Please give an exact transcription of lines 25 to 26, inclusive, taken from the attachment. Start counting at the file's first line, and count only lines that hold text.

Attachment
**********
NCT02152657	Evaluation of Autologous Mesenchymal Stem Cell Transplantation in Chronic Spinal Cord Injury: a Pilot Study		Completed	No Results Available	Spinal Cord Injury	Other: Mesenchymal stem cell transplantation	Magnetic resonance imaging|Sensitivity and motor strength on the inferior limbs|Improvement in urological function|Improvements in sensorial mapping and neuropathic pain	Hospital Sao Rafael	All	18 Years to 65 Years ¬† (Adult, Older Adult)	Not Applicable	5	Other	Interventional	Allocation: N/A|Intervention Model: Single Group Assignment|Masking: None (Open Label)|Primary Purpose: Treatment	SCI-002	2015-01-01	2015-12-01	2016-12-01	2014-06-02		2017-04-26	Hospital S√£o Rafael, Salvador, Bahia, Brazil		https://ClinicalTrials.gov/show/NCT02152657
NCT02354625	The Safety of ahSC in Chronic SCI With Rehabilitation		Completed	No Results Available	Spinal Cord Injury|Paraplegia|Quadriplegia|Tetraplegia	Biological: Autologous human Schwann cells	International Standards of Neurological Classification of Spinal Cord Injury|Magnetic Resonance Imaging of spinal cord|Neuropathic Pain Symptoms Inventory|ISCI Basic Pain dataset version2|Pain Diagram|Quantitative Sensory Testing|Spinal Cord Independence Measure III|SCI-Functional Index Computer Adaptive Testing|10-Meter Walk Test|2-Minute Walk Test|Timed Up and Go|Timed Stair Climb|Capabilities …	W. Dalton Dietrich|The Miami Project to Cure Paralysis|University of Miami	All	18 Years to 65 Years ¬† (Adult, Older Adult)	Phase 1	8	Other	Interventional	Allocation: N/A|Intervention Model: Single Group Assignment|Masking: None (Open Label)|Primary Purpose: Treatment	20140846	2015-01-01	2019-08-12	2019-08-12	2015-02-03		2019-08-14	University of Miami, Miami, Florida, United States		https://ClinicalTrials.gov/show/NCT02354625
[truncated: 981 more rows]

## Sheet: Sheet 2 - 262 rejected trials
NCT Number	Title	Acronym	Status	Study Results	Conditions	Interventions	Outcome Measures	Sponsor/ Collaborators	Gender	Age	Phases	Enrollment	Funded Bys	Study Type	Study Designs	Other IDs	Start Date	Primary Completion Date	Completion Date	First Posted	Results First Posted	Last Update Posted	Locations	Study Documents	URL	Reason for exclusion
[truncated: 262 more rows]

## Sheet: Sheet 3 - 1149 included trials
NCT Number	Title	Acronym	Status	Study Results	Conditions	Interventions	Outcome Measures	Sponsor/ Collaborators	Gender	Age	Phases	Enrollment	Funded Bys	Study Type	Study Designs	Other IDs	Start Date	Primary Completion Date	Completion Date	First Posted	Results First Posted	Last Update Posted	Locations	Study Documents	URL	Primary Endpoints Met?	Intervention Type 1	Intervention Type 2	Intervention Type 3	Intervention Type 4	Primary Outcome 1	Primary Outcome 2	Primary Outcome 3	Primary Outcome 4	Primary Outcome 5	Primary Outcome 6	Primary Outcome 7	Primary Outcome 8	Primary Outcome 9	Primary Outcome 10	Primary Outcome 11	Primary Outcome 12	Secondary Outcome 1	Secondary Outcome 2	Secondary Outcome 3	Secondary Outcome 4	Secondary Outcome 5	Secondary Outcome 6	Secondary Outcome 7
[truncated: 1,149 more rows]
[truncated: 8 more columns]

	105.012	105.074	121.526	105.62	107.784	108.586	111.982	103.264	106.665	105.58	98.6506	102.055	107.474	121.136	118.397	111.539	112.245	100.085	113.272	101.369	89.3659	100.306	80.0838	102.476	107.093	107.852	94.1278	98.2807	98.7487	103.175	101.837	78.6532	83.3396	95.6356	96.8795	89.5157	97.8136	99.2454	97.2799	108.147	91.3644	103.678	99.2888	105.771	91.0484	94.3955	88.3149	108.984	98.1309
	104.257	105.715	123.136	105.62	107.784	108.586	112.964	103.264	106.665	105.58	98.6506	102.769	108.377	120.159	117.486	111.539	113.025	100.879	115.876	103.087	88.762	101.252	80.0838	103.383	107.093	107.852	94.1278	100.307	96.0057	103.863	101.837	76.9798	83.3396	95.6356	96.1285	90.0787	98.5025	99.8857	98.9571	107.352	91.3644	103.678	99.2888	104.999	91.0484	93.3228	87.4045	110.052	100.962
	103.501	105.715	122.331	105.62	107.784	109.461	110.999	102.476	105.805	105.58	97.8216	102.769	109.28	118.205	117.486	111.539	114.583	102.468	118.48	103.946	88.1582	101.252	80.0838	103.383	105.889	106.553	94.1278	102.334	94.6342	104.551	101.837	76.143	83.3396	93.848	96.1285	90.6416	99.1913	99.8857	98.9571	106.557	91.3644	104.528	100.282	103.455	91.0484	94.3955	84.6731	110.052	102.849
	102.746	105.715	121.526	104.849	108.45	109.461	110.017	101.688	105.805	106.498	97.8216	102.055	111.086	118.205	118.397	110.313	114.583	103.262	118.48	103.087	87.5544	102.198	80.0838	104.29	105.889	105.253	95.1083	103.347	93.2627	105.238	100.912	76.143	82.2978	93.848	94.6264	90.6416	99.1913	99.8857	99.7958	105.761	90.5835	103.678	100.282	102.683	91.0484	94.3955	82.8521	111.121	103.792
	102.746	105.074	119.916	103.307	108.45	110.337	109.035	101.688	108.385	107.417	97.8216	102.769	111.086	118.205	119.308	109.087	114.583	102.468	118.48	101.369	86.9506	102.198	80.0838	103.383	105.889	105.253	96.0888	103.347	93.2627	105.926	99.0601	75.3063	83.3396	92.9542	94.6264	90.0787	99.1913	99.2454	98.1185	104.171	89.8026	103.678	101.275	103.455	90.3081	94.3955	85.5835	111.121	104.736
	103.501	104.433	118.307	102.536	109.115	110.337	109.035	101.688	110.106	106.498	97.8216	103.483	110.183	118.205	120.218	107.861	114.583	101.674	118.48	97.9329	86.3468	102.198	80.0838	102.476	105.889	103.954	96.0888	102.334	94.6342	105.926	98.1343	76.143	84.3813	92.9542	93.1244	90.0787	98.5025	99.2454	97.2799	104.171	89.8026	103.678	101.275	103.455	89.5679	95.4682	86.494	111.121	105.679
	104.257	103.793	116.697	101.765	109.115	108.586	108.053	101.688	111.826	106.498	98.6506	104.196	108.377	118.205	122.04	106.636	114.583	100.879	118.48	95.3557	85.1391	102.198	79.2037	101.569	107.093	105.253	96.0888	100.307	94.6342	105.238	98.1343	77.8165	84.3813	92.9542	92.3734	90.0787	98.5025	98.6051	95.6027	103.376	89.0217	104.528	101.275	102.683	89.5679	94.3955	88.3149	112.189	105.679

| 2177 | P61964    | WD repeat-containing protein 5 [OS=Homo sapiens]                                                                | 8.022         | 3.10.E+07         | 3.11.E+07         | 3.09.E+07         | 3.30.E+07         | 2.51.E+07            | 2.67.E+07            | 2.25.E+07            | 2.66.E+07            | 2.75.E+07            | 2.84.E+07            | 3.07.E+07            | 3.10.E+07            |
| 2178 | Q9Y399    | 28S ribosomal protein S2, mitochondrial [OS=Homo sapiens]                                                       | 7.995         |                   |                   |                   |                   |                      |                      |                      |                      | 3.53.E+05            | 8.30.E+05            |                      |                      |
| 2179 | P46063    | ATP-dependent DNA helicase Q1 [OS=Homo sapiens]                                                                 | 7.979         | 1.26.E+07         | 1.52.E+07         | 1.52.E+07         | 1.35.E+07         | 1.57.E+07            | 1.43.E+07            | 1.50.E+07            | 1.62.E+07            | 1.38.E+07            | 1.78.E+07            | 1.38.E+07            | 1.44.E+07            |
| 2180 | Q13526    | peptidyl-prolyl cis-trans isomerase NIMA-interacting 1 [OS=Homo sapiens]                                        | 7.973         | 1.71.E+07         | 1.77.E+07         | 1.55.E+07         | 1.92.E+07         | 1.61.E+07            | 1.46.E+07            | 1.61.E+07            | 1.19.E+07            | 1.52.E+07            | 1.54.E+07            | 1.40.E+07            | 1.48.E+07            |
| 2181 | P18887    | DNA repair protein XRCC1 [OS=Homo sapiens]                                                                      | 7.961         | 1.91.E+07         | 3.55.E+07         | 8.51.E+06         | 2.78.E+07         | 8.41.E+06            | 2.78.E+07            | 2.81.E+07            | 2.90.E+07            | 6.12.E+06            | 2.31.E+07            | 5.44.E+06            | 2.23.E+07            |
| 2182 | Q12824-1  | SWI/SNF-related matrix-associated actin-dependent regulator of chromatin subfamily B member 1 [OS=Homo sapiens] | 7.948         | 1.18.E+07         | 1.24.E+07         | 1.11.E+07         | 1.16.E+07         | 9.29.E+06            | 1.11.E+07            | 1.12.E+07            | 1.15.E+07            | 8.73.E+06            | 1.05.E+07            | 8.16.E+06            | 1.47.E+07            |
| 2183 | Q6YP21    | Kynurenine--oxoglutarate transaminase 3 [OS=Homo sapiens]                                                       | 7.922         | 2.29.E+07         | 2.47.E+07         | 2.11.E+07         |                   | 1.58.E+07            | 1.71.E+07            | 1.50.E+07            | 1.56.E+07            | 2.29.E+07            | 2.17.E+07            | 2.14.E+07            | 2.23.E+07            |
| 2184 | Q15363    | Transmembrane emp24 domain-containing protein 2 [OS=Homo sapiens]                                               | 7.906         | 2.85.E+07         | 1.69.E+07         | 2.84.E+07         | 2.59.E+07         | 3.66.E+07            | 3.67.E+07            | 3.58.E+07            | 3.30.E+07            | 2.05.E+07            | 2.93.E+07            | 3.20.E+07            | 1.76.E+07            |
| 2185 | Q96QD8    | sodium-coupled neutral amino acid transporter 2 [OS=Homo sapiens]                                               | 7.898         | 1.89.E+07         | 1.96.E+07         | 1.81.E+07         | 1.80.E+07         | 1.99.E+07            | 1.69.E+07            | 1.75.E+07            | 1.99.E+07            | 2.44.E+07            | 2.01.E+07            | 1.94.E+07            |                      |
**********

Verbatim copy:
| 2184 | Q15363    | Transmembrane emp24 domain-containing protein 2 [OS=Homo sapiens]                                               | 7.906         | 2.85.E+07         | 1.69.E+07         | 2.84.E+07         | 2.59.E+07         | 3.66.E+07            | 3.67.E+07            | 3.58.E+07            | 3.30.E+07            | 2.05.E+07            | 2.93.E+07            | 3.20.E+07            | 1.76.E+07            |
| 2185 | Q96QD8    | sodium-coupled neutral amino acid transporter 2 [OS=Homo sapiens]                                               | 7.898         | 1.89.E+07         | 1.96.E+07         | 1.81.E+07         | 1.80.E+07         | 1.99.E+07            | 1.69.E+07            | 1.75.E+07            | 1.99.E+07            | 2.44.E+07            | 2.01.E+07            | 1.94.E+07            |                      |